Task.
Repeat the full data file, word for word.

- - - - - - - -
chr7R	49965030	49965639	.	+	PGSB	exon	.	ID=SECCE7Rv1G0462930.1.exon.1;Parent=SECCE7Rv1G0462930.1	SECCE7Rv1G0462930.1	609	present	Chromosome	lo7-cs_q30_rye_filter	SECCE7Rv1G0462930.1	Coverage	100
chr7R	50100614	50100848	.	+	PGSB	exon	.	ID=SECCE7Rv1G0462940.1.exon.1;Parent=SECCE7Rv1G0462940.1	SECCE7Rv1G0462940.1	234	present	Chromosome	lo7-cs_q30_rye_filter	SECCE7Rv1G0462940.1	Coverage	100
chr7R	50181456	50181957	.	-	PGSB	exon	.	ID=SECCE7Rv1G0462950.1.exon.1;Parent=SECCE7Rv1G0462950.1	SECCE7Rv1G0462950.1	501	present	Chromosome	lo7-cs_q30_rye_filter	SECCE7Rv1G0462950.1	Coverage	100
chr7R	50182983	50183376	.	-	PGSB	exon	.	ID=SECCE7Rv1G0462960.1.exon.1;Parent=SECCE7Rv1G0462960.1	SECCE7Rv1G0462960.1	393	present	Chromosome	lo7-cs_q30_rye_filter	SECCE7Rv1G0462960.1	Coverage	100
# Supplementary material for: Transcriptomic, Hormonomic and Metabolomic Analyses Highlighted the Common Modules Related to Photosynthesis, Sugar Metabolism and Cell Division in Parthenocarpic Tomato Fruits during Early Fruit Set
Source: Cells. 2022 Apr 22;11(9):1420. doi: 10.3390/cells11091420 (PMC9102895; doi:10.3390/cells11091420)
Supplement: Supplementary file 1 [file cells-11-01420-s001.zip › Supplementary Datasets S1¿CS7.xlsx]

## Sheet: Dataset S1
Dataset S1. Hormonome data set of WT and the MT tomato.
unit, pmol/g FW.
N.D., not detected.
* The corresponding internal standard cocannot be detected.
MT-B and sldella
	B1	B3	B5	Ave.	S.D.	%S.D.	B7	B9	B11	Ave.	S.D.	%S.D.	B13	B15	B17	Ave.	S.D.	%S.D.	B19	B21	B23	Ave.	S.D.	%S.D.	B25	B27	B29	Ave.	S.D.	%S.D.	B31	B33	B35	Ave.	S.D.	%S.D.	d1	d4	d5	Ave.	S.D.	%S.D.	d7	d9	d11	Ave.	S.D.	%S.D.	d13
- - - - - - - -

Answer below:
chr7R	49965030	49965639	.	+	PGSB	exon	.	ID=SECCE7Rv1G0462930.1.exon.1;Parent=SECCE7Rv1G0462930.1	SECCE7Rv1G0462930.1	609	present	Chromosome	lo7-cs_q30_rye_filter	SECCE7Rv1G0462930.1	Coverage	100
chr7R	50100614	50100848	.	+	PGSB	exon	.	ID=SECCE7Rv1G0462940.1.exon.1;Parent=SECCE7Rv1G0462940.1	SECCE7Rv1G0462940.1	234	present	Chromosome	lo7-cs_q30_rye_filter	SECCE7Rv1G0462940.1	Coverage	100
chr7R	50181456	50181957	.	-	PGSB	exon	.	ID=SECCE7Rv1G0462950.1.exon.1;Parent=SECCE7Rv1G0462950.1	SECCE7Rv1G0462950.1	501	present	Chromosome	lo7-cs_q30_rye_filter	SECCE7Rv1G0462950.1	Coverage	100
chr7R	50182983	50183376	.	-	PGSB	exon	.	ID=SECCE7Rv1G0462960.1.exon.1;Parent=SECCE7Rv1G0462960.1	SECCE7Rv1G0462960.1	393	present	Chromosome	lo7-cs_q30_rye_filter	SECCE7Rv1G0462960.1	Coverage	100
# Supplementary material for: Transcriptomic, Hormonomic and Metabolomic Analyses Highlighted the Common Modules Related to Photosynthesis, Sugar Metabolism and Cell Division in Parthenocarpic Tomato Fruits during Early Fruit Set
Source: Cells. 2022 Apr 22;11(9):1420. doi: 10.3390/cells11091420 (PMC9102895; doi:10.3390/cells11091420)
Supplement: Supplementary file 1 [file cells-11-01420-s001.zip › Supplementary Datasets S1¿CS7.xlsx]

## Sheet: Dataset S1
Dataset S1. Hormonome data set of WT and the MT tomato.
unit, pmol/g FW.
N.D., not detected.
* The corresponding internal standard cocannot be detected.
MT-B and sldella
	B1	B3	B5	Ave.	S.D.	%S.D.	B7	B9	B11	Ave.	S.D.	%S.D.	B13	B15	B17	Ave.	S.D.	%S.D.	B19	B21	B23	Ave.	S.D.	%S.D.	B25	B27	B29	Ave.	S.D.	%S.D.	B31	B33	B35	Ave.	S.D.	%S.D.	d1	d4	d5	Ave.	S.D.	%S.D.	d7	d9	d11	Ave.	S.D.	%S.D.	d13